Objective Economic Additionality v. Subjective Behavior Predictions
The concept of additionality has been a tricky issue for carbon markets and some of this tension has been reflected in recent criticisms of improved forest management (IFM) projects. This may be due to conflicting ideas about the role carbon markets can play: should markets objectively value sequestered carbon as a commodity or subjectively base value on predictions of future behavior?
All major carbon offset registries require validated forest projects to sequester carbon above a calculated baseline. Baselines are project specific and generally set by calculations of “business as usual”. This is measured in large part by what is economically incentivized under prevailing regional markets, taking into account pre-existing restrictions. For instance, when developing an IFM project, developers must evaluate the amount, price, and demand for the merchantable timber that is on-site. These evaluations help construct a project-specific baseline and model carbon flows as if the timber were being managed to maximize economic returns within current legal and market restraints. Instead, the landowner enters a legal contract binding them to manage their forest for increased carbon stores above the modeled baseline. The difference between these two scenarios in metric tons of CO2e is deemed additional and can be sold as offsets. This measure of additionality is purely economic and legal and does not factor in non-economic landowner motivation.
Critics of this approach point out that the constructed baseline scenarios may not match the landowner’s historical or intended forest management practices. That is, “conservation-minded owners have not and likely will not start clear-cutting their forests so why should they be paid to do what they may do anyway?” This line of reasoning leads down a slippery slope of trying to form a market around anticipated human behavior.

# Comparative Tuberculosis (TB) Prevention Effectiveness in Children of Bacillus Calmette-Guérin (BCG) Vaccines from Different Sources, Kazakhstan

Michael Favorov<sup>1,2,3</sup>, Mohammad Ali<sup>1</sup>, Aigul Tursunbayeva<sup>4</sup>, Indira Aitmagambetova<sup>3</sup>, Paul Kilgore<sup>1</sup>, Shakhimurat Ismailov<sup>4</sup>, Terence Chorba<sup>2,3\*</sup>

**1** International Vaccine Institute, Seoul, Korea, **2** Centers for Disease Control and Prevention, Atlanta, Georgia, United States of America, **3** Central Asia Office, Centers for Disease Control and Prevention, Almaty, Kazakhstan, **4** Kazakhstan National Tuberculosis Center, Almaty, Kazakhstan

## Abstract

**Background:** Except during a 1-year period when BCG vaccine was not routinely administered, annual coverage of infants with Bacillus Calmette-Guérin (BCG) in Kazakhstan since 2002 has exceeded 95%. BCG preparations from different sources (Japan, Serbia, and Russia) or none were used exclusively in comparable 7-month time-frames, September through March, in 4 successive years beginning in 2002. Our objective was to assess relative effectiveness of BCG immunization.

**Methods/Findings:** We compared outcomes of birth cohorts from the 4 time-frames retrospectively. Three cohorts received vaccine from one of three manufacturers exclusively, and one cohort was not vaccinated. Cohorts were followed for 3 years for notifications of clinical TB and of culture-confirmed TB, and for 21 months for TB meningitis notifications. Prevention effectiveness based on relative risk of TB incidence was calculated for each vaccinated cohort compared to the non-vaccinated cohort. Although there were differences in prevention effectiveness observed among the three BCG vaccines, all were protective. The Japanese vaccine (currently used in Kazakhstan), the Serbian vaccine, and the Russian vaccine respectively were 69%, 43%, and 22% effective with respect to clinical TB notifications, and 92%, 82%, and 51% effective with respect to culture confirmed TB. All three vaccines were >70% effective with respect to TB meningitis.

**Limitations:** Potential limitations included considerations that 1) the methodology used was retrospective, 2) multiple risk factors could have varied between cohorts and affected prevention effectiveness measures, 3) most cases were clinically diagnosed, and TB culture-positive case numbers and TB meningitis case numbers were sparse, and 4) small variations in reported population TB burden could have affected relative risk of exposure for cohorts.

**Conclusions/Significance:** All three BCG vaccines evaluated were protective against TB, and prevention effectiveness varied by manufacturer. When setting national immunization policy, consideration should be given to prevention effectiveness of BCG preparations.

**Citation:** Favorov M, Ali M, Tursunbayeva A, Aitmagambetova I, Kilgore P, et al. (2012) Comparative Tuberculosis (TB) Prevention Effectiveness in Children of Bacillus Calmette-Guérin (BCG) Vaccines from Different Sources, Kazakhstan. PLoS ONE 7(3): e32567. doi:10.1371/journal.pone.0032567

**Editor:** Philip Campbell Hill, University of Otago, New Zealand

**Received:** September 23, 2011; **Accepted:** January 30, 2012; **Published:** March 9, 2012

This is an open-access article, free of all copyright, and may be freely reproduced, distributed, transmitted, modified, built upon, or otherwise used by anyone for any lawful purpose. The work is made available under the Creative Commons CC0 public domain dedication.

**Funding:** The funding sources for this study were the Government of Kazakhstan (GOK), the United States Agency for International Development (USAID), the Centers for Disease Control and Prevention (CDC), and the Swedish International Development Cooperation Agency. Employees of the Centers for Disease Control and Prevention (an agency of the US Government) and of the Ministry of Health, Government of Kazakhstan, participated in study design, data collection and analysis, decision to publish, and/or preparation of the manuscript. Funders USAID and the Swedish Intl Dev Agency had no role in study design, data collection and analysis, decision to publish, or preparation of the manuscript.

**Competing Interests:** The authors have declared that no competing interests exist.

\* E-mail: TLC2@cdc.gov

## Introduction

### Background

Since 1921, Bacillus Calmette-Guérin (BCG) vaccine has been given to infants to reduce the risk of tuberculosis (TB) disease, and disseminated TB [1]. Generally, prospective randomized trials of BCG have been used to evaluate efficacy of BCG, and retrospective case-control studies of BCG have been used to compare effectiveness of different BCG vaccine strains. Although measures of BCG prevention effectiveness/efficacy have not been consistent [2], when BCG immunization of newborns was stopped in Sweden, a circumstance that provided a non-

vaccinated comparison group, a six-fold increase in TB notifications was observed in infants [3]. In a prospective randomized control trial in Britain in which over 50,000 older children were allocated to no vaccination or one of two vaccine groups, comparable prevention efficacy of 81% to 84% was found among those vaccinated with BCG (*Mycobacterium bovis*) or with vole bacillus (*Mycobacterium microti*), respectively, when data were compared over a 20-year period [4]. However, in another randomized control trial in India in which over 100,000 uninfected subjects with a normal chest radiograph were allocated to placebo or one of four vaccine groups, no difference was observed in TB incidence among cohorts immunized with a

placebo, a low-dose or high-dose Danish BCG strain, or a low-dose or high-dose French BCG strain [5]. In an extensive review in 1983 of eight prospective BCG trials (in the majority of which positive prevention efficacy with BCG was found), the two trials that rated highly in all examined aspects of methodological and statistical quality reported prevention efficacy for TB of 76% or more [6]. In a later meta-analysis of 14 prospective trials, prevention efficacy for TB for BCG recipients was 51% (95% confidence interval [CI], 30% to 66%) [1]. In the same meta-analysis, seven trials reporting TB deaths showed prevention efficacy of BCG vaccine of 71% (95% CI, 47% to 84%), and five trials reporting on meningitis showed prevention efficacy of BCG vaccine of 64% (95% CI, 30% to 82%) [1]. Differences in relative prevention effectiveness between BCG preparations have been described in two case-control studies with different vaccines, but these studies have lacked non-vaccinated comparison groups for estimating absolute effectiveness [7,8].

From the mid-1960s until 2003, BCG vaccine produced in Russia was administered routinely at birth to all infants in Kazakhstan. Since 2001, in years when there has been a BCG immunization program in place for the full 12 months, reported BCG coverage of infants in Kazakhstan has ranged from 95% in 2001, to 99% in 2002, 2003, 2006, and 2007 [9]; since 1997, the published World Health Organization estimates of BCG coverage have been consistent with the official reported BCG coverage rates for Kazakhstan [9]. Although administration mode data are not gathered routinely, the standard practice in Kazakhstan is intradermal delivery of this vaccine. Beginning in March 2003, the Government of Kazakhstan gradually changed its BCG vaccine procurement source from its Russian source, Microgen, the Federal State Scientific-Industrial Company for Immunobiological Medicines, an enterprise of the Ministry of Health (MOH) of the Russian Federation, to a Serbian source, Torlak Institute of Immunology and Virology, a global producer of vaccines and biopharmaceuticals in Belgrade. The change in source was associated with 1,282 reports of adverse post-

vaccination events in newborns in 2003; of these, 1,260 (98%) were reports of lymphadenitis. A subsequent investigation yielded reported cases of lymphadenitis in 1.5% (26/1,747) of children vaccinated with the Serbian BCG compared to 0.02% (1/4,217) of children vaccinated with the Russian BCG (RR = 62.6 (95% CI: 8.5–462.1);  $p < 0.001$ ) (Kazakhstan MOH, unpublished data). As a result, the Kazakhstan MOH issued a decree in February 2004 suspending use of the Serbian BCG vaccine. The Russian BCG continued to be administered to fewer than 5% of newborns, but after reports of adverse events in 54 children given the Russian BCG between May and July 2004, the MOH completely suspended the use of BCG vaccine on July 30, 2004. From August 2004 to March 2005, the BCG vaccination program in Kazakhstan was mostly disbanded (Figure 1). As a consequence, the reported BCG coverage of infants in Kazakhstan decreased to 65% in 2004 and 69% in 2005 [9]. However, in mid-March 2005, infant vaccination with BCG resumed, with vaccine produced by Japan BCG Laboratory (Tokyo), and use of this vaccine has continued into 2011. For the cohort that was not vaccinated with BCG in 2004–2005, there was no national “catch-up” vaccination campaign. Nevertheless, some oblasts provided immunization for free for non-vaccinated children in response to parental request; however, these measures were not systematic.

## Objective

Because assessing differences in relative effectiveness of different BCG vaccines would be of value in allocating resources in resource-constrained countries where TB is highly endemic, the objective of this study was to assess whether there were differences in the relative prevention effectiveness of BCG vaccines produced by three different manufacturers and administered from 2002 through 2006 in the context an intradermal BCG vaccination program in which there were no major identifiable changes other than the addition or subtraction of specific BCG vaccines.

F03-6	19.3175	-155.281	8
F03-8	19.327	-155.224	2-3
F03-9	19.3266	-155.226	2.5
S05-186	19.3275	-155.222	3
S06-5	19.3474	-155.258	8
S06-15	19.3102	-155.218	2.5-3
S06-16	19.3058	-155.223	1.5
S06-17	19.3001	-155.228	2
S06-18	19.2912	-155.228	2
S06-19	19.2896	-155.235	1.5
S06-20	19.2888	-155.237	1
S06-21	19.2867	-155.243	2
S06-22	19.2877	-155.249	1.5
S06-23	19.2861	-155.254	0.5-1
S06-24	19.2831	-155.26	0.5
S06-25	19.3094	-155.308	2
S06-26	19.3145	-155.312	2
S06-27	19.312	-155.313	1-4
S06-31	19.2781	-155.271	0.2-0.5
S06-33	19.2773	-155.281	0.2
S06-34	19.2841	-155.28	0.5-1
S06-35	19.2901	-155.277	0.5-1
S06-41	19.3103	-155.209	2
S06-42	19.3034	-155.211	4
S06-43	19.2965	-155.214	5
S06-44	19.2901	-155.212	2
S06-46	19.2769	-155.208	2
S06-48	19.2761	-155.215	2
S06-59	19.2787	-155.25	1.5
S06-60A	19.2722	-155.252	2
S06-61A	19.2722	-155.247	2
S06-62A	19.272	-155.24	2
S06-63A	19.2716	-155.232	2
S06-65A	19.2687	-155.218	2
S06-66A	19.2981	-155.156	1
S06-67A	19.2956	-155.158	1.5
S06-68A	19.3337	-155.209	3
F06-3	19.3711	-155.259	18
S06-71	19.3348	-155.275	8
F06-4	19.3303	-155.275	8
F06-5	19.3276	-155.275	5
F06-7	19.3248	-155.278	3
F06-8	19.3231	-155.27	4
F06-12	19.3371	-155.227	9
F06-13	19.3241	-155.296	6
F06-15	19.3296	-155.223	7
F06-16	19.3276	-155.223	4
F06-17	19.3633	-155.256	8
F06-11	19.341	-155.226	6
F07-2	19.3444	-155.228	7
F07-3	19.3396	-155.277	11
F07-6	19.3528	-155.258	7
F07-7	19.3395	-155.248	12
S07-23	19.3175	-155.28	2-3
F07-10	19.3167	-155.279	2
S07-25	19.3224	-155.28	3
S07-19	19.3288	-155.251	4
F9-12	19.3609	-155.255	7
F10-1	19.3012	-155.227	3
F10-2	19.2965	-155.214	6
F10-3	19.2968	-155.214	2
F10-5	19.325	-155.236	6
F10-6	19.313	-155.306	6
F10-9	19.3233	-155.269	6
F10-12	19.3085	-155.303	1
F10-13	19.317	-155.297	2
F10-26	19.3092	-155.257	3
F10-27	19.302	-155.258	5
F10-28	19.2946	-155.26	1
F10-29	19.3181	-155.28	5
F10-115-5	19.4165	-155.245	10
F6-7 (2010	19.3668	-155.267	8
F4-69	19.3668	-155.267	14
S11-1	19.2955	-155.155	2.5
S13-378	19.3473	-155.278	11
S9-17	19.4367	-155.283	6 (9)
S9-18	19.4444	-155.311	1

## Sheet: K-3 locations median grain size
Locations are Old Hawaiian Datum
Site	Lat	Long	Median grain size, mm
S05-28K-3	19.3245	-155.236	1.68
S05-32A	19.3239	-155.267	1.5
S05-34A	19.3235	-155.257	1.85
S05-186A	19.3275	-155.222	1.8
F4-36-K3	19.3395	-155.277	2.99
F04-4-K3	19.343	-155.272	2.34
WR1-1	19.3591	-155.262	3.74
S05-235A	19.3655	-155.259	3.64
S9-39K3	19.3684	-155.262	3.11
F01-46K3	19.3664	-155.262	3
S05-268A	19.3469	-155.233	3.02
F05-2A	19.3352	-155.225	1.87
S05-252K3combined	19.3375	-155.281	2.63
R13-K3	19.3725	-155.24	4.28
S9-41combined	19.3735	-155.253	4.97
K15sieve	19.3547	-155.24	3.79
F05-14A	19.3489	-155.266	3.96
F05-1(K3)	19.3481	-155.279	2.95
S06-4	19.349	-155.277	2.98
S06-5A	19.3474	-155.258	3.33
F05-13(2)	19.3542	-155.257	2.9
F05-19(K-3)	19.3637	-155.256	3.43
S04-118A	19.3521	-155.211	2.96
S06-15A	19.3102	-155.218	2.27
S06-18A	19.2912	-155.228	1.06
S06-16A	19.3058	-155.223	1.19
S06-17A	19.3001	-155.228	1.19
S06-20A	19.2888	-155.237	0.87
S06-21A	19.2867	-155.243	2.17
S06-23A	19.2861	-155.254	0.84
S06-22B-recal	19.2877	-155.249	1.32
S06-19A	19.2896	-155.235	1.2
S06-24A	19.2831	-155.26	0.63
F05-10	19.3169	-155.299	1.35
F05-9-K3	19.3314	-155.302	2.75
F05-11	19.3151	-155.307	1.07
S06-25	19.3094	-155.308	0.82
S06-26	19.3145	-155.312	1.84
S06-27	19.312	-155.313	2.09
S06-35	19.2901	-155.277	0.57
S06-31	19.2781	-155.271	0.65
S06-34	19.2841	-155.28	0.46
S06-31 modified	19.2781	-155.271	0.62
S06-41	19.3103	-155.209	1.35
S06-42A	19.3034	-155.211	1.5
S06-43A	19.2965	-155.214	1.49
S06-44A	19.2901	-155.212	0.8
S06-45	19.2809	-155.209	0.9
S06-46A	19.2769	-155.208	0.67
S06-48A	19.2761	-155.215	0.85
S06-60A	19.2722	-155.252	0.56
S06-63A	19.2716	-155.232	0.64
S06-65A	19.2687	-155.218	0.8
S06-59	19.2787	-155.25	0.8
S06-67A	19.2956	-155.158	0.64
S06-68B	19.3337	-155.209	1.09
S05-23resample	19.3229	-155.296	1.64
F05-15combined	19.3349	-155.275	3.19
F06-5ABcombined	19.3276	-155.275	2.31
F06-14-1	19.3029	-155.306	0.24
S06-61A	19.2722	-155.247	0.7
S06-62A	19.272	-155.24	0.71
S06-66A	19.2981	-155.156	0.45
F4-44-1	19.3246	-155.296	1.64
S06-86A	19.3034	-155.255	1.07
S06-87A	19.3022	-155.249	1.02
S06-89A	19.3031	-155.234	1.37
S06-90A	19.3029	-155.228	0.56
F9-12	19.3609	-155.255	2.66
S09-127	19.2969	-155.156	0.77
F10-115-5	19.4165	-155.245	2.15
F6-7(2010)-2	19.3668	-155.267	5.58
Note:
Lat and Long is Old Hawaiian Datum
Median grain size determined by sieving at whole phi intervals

First, basing additionality on historical forest management would all but preclude any conservation-minded landowners and NGOs from participating in carbon markets. Only owners who have been maximizing returns from timber harvesting would be eligible. Privately conserved forests are some of the most important carbon sinks and stores in the U.S.; excluding them from the market could create a perverse incentive to harvest aggressively now so you can be paid to store carbon later.
Secondly, past behavior certainly does not guarantee the future. Improved forest management projects require landowners to enter 40 to 100-year contracts that legally protect carbon stores from harvesting or intentional removal. Environmental organizations routinely face financial challenges, changes in leadership and own valuable forests in dynamic timber markets. Carbon project revenues help solidify the continued viability of these important groups and ensure their forest carbon stores will be protected even if the property changes hands or the organization becomes insolvent.
Lastly, conservation organizations are utilizing revenue from the sale of offsets to acquire and secure additional lands that can also be managed as long-term carbon sinks. Indeed, carbon offset projects have become a key conservation finance strategy leading to the acquisition and conservation of thousands of forested acres whose future was in question.
In short, carbon markets in their current iteration are an effective tool to value avoided and removed GHG emissions demonstrated in measurable, economic and legal terms. Trying to base this carbon value on anticipated future behavior undermines the objectivity of the market and opens measures of additionality up to a slew of unpredictable and changing metrics.